When I did my first library degree in the 70s, part of the process was a ‘half degree’ in either English Literature or Statistics. As the only thing I knew about statistics was that you could make them support any argument you wanted, I opted for English Literature.
I must have been a bit of a rebel even then, for, of course, as well as a librarianship dissertation, I also had to write one the for English Lit side. Other students were opting for subjects like Poe’s tales of ratiocination et al. I decided to forswear the lure of Austen, Hardy, Dickens and Eliot; to bring things a tad down-market and look for something in Arthur Conan Doyle’s very popular Sherlock Holmes stories. However, I still had to make it sound ‘literary’. After all, I wanted to enjoy the thing – and get the degree!
After a fair bit of digging – that’s the thing about librarians, we don’t have to know anything, just where to find it – I came across an opinion by Conan Doyle’s biographer John Dickson Carr about the change in the imagery and tone of the pre and post Reichenbach Falls stories. This change JDC put down to three life-changing events in Conan Doyle’s life after he had, he hoped, consigned Holmes to history. The death of his father, the terminal illness of his first wife and the fact that he fell hopelessly in love with Jean Leckie whilst his wife was ill. Having been brought up by a mother who majored on the ideals of chivalry and honour and also having been educated by Jesuits, there was no way he would even consider being disloyal or leaving his wife for his new love. All three events caused him immense heartache and this is reflected in the language he uses in the stories after Holmes was resurrected. My dissertation finally had its subject.
Because the study text was so unusual and after I had given a talk to my fellow students on Holmes, tutor Sheila Apted made me promise that at some point in the future, I would publish something about the world’s first consulting detective.
Fast forward to the new century when I kept the promise. I wrote and published The Oakwood Grange Affair in 2009 as part of the Legend Press/YouWriteOn scheme. I have learned much about my craft in the past eight years I decided to revise and edit the story. One of the difficulties I did not imagine I would encounter is that, having written books in my voice for the past eight years, it would be so difficult to revert to writing in Conan Doyle’s voice. However, Sherlock Holmes & The Oakwood Grange Affair is ready.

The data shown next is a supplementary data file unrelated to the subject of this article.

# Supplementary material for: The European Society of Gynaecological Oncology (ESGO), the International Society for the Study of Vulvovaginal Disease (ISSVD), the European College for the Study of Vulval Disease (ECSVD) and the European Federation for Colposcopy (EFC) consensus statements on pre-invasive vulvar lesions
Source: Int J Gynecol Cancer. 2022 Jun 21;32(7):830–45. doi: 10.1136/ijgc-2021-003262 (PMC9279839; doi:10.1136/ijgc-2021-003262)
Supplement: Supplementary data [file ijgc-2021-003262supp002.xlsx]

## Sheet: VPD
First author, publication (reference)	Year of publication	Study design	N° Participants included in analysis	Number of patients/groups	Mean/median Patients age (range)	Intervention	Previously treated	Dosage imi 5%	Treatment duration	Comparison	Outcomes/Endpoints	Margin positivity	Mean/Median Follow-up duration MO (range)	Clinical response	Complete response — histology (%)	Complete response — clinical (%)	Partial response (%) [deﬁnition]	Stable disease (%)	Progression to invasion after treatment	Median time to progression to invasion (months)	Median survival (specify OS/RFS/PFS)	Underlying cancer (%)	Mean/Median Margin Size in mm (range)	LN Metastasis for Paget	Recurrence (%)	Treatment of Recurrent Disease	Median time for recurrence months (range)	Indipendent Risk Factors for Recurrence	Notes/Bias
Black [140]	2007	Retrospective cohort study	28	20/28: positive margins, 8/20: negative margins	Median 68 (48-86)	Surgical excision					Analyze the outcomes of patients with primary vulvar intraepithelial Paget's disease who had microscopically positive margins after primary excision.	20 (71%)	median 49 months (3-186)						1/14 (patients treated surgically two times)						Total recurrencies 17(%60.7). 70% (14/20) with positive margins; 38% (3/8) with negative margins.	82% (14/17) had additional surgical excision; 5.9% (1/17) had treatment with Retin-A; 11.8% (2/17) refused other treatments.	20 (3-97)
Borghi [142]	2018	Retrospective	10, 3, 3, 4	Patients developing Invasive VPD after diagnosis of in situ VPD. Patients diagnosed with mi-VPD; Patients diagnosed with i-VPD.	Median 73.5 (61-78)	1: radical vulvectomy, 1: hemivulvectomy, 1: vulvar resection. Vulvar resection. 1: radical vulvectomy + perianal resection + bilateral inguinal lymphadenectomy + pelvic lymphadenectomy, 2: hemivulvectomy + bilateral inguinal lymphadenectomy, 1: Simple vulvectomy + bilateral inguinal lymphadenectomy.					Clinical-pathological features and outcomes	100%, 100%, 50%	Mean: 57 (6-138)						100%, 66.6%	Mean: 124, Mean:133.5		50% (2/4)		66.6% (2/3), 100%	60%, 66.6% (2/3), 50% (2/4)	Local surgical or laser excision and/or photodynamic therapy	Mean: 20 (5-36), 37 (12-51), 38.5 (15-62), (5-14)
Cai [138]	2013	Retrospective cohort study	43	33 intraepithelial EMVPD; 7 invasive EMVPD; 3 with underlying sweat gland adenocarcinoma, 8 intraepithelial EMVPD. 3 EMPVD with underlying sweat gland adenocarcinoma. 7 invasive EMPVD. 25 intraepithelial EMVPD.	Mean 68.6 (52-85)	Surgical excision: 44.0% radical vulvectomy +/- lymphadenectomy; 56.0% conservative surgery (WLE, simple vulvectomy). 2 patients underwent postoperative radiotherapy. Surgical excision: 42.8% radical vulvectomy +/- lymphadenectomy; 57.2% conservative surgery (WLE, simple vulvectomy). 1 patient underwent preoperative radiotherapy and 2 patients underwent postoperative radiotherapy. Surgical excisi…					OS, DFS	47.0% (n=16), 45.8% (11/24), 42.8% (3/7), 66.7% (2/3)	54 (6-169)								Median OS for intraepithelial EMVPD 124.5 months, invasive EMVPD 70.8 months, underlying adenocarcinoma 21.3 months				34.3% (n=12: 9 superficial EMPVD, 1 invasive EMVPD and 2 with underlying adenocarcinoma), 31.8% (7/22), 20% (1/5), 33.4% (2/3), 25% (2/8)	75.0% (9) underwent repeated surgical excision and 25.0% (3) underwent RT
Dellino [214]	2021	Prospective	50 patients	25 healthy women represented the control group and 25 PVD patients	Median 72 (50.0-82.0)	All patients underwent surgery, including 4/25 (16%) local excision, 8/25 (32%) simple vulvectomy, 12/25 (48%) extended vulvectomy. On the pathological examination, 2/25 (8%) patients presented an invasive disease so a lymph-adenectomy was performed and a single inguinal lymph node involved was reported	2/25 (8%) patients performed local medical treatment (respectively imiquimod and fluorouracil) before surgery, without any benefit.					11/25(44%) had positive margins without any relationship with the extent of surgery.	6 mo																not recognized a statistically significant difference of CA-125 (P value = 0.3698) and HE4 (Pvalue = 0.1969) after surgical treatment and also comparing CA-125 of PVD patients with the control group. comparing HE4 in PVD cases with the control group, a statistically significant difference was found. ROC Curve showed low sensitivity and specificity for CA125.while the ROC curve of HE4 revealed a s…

I was also amused by how many times Holmes assured his client that Watson was an utterly dependable lieutenant when the reader knows only too well that, given half a chance, Watson will make a complete dog’s breakfast of his task. The term epic fail could have been written for him. I also sniggered at how frequently Watson needed feeding allied with surprise that Holmes hadn’t collapsed and died of a smoking related illness and/or starvation. Of course, Conan Doyle only put a couple of idiosyncrasies into each story. It is only when you are writing a pastiche of a style and with such a well-known protagonist that you realise how many quirks Holmes possesses and how bloody annoying he is. That said, I well understand why these stories are so popular and just how very clever Mark Gatiss et al have been bringing Holmes’s incredible intellect into the 21st century.
You can find Sherlock Holmes & The Oakwood Grange Affair here.
Amazon.co.uk – http://amzn.to/2kAeFRc
Amazon.com – http://amzn.to/2kAIHbN
And more about me here –